Sometimes the most treasured gift is the one we never expected to receive, which is how Ashland artist Margaret Garrington felt in July when she answered an e-mail from a stranger in Illinois asking whether she was the daughter of Margaret Ann Eitner.
Diana Vickery sent the e-mail because she had discovered Garrington's mother's baby book from 1924 in an antique store outside of Chicago. It turns out Vickery loves the challenge of genealogy, and her passion is restoring family mementoes with their rightful owners.
Vickery sent Garrington the baby book, which the Ashland woman never even knew book existed, and Vickery asked for nothing in return except that Garrington pass on the kindness to someone else.
"People tell me they feel kind of a glow," says Vickery, who has reunited 15 families with missing mementoes. She has the most success when she finds old photos that include a somewhat unusual family name.
"I mostly use Ancestry.com, but there is also a lot of information from old newspaper archives which are now online," she says. Vickery also uses a reference book titled "America's Newspapers," an online database that goes back to the 1800s.
When she goes hunting, Vickery tells antiques dealers exactly what she's looking for. "Most of the dealers know their stock pretty well," she says, and can direct her to hidden treasures that include family names, such as Garrington's mother's baby book.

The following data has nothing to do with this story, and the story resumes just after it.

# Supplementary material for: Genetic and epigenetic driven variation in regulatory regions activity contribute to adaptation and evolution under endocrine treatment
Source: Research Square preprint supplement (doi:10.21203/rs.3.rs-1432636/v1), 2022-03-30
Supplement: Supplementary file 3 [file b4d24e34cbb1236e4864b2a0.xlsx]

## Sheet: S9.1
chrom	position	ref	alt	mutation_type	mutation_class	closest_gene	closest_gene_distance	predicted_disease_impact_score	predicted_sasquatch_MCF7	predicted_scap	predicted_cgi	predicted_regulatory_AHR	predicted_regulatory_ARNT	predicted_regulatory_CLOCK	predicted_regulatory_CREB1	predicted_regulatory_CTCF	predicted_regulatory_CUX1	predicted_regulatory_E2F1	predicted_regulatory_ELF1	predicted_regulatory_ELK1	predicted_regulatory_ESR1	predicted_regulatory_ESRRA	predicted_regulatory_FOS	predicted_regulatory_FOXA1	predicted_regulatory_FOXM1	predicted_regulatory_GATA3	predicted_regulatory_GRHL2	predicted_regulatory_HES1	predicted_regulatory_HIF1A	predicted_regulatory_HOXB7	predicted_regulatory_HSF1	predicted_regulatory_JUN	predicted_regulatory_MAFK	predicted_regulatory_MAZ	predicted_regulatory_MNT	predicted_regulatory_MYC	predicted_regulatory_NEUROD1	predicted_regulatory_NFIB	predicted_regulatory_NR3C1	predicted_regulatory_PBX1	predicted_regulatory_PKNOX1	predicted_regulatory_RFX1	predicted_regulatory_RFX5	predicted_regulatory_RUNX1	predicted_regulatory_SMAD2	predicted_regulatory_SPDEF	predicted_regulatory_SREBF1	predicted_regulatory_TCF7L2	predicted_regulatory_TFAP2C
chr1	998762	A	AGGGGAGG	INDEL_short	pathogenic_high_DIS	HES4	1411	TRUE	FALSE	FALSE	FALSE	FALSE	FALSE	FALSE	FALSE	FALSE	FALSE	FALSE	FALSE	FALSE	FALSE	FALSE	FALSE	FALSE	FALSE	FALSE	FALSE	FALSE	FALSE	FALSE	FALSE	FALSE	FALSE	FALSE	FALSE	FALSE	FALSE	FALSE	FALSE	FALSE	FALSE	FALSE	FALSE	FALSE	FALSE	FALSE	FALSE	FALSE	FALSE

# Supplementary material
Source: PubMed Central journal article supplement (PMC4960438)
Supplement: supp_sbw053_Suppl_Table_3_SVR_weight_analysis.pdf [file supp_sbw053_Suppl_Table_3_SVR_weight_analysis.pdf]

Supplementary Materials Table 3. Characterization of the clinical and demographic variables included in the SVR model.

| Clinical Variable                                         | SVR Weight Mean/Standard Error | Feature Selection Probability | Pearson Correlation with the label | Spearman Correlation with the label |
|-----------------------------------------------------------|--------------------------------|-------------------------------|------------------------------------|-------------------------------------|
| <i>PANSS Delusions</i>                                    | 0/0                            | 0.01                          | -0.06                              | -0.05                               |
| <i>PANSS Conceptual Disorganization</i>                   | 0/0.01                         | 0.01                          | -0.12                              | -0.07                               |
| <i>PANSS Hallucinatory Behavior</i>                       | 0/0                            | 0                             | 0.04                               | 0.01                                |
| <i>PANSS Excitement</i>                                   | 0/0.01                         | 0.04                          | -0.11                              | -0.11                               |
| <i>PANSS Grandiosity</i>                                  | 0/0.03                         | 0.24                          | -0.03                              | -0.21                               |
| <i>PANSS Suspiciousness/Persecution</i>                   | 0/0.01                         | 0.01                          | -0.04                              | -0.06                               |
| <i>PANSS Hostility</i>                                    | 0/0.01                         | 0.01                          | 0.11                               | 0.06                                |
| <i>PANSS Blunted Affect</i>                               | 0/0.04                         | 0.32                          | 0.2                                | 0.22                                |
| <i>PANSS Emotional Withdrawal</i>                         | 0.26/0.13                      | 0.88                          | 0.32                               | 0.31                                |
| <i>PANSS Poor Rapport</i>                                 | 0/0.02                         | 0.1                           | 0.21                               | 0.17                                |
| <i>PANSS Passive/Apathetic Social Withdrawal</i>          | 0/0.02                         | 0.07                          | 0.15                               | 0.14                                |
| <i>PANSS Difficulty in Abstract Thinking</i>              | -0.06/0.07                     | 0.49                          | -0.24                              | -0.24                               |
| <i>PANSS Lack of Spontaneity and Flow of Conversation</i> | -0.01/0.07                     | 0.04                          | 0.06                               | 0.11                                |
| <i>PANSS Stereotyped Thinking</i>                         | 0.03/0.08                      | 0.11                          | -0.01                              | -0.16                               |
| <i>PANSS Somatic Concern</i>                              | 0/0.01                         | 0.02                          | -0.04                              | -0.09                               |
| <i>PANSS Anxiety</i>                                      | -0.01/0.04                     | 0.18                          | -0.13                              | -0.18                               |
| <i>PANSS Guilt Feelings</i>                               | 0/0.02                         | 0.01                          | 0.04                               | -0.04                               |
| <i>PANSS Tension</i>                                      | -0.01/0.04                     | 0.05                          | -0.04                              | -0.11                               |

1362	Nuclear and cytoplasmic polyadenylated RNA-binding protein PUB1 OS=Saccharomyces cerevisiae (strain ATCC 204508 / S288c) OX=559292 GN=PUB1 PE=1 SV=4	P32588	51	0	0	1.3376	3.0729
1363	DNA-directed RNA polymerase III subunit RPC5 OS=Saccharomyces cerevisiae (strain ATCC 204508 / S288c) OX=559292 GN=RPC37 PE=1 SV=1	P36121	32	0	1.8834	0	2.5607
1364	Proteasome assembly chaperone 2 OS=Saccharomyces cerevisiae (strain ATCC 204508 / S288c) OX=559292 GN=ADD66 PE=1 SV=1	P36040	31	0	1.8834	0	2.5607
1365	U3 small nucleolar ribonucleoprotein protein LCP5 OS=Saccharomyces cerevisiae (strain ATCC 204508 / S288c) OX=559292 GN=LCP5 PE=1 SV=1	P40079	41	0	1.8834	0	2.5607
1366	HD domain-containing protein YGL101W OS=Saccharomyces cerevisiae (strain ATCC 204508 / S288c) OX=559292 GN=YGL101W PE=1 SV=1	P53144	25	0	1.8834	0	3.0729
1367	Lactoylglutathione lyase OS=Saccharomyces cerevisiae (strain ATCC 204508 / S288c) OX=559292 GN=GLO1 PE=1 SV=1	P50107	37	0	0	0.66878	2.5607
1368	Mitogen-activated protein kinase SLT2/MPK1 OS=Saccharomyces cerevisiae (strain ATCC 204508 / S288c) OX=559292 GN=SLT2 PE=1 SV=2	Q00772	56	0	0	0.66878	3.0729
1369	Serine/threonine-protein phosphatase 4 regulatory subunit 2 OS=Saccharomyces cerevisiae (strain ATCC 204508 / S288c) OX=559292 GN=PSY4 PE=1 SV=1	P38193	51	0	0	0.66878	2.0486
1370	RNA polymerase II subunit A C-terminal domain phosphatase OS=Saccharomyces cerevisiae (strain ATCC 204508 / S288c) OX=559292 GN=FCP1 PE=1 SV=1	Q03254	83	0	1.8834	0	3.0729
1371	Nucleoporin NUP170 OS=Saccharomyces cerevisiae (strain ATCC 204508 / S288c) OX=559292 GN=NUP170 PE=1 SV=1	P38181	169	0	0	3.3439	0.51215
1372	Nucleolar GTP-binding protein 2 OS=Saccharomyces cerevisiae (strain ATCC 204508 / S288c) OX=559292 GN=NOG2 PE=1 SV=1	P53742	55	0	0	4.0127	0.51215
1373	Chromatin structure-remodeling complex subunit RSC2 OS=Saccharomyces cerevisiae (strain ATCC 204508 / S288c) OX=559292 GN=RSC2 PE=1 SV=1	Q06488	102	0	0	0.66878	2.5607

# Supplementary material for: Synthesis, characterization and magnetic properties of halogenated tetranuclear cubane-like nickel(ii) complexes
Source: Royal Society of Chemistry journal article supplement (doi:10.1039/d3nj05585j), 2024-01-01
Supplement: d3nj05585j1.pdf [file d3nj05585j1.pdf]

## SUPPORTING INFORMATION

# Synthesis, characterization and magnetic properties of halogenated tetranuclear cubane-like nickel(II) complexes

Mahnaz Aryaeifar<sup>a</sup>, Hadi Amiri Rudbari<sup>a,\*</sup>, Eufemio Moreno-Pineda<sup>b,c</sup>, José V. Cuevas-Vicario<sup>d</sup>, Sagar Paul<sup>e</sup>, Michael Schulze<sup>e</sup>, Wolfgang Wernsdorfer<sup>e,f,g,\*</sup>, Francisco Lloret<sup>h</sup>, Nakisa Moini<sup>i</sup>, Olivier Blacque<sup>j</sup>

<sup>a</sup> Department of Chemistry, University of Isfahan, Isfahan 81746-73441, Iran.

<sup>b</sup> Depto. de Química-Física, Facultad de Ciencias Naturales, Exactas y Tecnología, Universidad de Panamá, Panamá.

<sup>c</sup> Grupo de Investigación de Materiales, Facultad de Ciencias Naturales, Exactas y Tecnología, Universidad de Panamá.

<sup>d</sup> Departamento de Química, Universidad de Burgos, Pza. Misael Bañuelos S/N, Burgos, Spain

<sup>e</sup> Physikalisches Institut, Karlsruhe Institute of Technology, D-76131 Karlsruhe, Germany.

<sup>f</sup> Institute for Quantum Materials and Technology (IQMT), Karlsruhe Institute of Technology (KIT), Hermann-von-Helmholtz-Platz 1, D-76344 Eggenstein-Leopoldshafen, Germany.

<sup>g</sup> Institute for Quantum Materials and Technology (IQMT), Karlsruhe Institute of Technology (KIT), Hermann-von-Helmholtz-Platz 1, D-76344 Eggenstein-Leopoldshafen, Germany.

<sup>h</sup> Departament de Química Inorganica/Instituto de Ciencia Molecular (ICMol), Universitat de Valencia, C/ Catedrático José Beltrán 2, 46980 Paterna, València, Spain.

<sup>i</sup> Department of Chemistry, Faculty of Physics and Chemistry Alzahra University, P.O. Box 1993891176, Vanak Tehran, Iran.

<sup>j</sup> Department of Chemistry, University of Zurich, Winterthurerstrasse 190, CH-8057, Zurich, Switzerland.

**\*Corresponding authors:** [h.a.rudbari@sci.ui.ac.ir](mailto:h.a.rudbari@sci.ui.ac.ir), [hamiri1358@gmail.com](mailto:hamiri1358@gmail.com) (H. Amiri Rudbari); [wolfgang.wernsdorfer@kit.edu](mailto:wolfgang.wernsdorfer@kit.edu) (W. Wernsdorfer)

"I could tell it belonged to a much loved child, and somebody would want to have it back," Vickery says.
Vickery researches the names she finds, and if she can track down an ancestor, she contacts them to see whether they are interested in receiving what she has found.
"I always felt sad when I used to see old photos in antique stores; sad that they weren't with their families anymore," says Vickery, who feels excitement when she begins her detective work. It is almost like "unearthing artifacts" she says, and people seem very willing to help once she explains what she's doing.
Two of her most interesting finds include an autograph book from Ashland, Wisc., and a 1917 Pennsylvania championship basketball team photo. The farthest her gifts have traveled is one she sent to England to a man whose ancestors came to America in the 1600s.
If the descendents she contacts do not respond to her inquiries, Vickery checks with local historical societies, which are usually delighted to include her find in their collections. Most people, however, are thrilled to be reunited with these long-lost memories.
"It was a miracle that this book came back to me," Garrington says. "It must have been sitting in a box of old books which got sold at the estate sale when my mother passed away."
That's how most of these family mementoes end up in antiques stores, says Vickery.
Many times families don't even know the mementoes exist until Vickery contacts them. One woman was moved to tears because she received a photo of her grandfather, and she had never known what he looked like before that moment, Vickery says.
The Illinois woman's next rescue challenge is to find a lost family bible. Bibles have traditionally been a place where families kept a record of their personal history.
"Unfortunately Bibles are supposed to be burned if they are found by someone outside the family, so it might take some real digging to locate one," she says.
Fortunately for Garrington, Vickery believes in challenges. The sweet, pink baby book with the tiny envelopes of wispy hair and rare photos of her mother as an infant is safe and back where it belongs. A treasured and unexpected gift delivered by an unknown hand reaching out from the distant past.